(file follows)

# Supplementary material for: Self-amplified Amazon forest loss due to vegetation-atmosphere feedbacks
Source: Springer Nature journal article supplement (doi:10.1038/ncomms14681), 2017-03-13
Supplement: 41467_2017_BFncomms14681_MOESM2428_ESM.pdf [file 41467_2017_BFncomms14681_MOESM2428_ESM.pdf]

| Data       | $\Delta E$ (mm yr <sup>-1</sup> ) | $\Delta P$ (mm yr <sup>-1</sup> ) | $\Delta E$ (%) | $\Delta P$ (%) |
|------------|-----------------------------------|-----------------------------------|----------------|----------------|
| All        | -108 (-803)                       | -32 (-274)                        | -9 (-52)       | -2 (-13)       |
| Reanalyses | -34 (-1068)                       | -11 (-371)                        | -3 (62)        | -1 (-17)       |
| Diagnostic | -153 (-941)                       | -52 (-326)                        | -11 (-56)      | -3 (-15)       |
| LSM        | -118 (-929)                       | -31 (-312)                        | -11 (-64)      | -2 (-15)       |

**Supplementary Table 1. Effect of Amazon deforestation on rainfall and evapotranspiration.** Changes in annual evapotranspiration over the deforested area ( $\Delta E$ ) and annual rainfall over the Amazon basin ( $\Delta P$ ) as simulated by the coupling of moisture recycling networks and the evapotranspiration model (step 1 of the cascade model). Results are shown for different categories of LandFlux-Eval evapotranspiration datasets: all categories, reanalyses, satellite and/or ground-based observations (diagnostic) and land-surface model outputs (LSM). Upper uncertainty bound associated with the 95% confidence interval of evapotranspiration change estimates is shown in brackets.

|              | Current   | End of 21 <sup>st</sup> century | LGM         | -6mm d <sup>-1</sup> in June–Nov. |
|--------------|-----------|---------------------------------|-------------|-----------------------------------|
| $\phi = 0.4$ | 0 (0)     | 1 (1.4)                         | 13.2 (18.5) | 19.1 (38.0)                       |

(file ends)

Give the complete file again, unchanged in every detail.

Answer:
# Supplementary material for: Self-amplified Amazon forest loss due to vegetation-atmosphere feedbacks
Source: Springer Nature journal article supplement (doi:10.1038/ncomms14681), 2017-03-13
Supplement: 41467_2017_BFncomms14681_MOESM2428_ESM.pdf [file 41467_2017_BFncomms14681_MOESM2428_ESM.pdf]

| Data       | $\Delta E$ (mm yr <sup>-1</sup> ) | $\Delta P$ (mm yr <sup>-1</sup> ) | $\Delta E$ (%) | $\Delta P$ (%) |
|------------|-----------------------------------|-----------------------------------|----------------|----------------|
| All        | -108 (-803)                       | -32 (-274)                        | -9 (-52)       | -2 (-13)       |
| Reanalyses | -34 (-1068)                       | -11 (-371)                        | -3 (62)        | -1 (-17)       |
| Diagnostic | -153 (-941)                       | -52 (-326)                        | -11 (-56)      | -3 (-15)       |
| LSM        | -118 (-929)                       | -31 (-312)                        | -11 (-64)      | -2 (-15)       |

**Supplementary Table 1. Effect of Amazon deforestation on rainfall and evapotranspiration.** Changes in annual evapotranspiration over the deforested area ( $\Delta E$ ) and annual rainfall over the Amazon basin ( $\Delta P$ ) as simulated by the coupling of moisture recycling networks and the evapotranspiration model (step 1 of the cascade model). Results are shown for different categories of LandFlux-Eval evapotranspiration datasets: all categories, reanalyses, satellite and/or ground-based observations (diagnostic) and land-surface model outputs (LSM). Upper uncertainty bound associated with the 95% confidence interval of evapotranspiration change estimates is shown in brackets.

|              | Current   | End of 21 <sup>st</sup> century | LGM         | -6mm d <sup>-1</sup> in June–Nov. |
|--------------|-----------|---------------------------------|-------------|-----------------------------------|
| $\phi = 0.4$ | 0 (0)     | 1 (1.4)                         | 13.2 (18.5) | 19.1 (38.0)                       |